As the state and counties implement pretrial reforms, CPL is helping evaluate if the reforms are effective and if they reduce existing racial disparities.
In 2018, the California legislature passed Senate Bill 10 (SB 10) to end the practice of money bail. The law also enacted a host of other pretrial reforms, including requiring counties to evaluate defendants using validated risk assessments and to release defendants unless detention is necessary for public safety or to guarantee appearance at trial. A 2020 referendum (Proposition 25) was rejected by voters in November 2020, which stopped SB 10 from going into effect.
While voters defeated SB 10 from going into effect, a court case (In re Humphrey) is also changing how money bail works in California. In March 2021, the California Supreme Court held that judges must consider a defendant’s ability to pay when setting bail.
Humphrey provides a potential natural experiment to determine the efficacy of money bail. Before this case, bail amounts were set at levels that were often unaffordable to arrested individuals. However, Humphrey required courts to consider a defendant’s ability to pay bail when determining bail amounts.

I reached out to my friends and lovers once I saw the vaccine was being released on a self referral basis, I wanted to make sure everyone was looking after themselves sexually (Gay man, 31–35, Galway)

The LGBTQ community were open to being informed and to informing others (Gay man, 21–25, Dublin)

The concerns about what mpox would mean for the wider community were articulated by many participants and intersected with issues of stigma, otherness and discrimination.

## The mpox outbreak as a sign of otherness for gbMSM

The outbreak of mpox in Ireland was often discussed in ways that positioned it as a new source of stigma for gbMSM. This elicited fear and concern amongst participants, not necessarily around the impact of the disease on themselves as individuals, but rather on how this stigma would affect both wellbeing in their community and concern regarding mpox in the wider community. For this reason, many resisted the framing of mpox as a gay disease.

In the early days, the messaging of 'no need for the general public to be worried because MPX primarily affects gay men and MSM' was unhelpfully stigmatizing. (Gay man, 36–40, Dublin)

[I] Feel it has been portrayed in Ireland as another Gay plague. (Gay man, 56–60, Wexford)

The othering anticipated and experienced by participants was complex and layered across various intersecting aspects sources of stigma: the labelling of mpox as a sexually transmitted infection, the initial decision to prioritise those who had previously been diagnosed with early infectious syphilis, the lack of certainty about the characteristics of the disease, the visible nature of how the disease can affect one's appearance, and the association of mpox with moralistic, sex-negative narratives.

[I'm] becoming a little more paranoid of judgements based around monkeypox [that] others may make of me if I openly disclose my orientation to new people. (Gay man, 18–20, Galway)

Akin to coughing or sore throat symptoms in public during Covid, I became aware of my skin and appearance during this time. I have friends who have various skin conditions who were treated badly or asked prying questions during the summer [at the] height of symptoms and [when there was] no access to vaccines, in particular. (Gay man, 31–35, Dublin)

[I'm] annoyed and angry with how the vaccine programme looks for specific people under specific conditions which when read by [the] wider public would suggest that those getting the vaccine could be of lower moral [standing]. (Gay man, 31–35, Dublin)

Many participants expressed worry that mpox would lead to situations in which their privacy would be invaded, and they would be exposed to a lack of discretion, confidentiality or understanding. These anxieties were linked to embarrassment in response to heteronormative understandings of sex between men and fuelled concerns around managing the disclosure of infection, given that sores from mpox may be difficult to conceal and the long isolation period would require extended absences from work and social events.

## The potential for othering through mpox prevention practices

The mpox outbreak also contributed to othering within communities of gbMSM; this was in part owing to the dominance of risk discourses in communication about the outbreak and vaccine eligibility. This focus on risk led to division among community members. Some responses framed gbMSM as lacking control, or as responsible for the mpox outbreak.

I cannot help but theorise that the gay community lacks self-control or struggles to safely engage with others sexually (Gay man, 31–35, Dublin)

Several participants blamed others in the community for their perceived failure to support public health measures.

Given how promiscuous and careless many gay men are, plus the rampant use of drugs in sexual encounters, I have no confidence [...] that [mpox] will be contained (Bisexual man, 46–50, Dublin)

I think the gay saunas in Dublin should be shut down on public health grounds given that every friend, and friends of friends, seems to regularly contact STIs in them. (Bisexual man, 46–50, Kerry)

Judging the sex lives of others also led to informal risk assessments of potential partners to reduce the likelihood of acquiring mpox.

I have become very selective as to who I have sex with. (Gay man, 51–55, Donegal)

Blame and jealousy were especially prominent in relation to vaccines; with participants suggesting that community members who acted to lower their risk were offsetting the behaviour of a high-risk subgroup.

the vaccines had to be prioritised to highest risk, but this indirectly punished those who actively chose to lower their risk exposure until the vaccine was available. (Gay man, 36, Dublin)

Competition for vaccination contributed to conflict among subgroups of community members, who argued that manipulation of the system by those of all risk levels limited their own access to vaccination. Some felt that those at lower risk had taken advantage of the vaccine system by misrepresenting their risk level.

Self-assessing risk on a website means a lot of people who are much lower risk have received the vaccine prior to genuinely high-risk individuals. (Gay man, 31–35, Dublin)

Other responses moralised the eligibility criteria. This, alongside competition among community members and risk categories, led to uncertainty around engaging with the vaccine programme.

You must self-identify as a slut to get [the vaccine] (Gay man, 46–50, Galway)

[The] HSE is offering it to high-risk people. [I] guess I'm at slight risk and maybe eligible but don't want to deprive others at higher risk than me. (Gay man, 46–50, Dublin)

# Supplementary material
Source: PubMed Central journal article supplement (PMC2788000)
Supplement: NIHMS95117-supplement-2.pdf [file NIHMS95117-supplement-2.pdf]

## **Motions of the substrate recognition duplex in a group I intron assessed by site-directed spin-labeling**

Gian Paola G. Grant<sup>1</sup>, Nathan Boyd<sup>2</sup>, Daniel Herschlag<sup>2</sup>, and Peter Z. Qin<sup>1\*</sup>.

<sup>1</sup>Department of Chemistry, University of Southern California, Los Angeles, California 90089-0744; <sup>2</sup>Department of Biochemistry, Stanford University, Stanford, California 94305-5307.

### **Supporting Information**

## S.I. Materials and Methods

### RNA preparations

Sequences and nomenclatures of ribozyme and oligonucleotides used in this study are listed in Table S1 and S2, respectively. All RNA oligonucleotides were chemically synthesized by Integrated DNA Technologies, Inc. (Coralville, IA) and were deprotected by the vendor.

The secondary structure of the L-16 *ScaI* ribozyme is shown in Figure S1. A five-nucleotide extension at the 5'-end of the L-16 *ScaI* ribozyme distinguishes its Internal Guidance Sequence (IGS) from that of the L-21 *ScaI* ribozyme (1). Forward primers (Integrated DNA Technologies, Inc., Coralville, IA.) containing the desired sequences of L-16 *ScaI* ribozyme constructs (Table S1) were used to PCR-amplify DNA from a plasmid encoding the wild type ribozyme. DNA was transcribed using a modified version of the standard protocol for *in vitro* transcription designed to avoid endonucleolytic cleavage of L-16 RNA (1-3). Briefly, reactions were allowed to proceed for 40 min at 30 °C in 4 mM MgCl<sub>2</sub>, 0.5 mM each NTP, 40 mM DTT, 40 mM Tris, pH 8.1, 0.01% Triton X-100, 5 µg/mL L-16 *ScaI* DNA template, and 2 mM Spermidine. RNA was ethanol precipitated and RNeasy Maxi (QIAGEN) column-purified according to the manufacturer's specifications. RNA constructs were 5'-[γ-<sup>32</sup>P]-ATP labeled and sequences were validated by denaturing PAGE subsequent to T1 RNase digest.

Projected impact of Proposition 25: CPL analyzed historic data to understand how the implementation of SB 10 would affect pre-arraignment release in San Francisco and Sonoma Counties. In the analysis, CPL applied SB 10’s eligibility release criteria to answer the question: If SB 10 had been in place in 2017 and 2018, would the number of individuals detained or released have changed? This descriptive project analyzed all cases that were booked into jail over a two year period in San Francisco, which has a history of pretrial reforms, and in Sonoma County, which has a different pretrial service system, uses a different risk assessment tool, and has a different rate of pretrial release than San Francisco.
Impact of In re Humphrey: This study leverages changes in bail policy following the In re Humphrey decision to better understand the short-term outcomes of individuals who have different pretrial detention experiences. Using a difference-in-differences model, we use the time periods pre-and post-Humphrey to understand the effect of release on bail versus pretrial detention on case outcomes, and the effect of supervised pretrial release versus release on own recognizance on case outcomes, safety rates, and appearance rates.
Dr. Johanna Lacoe (Co-Principal Investigator), Dr. Mia Bird (Co-Principal Investigator), Alissa Skog, Elsa Augustine
CPL found that if Proposition 25 had passed, it would have increased releases prior to arraignment in both San Francisco and Sonoma counties. The increase in releases in both counties would have been concentrated among individuals assessed as low-to-medium risk of new criminal activity or failing to appear in court, while a larger share of defendants assessed as high-risk would have been detained until arraignment. CPL also projected that pre-arraignment release rates would increase for all racial/ethnic groups, but racial disparities in pre-arraignment releases would have remained.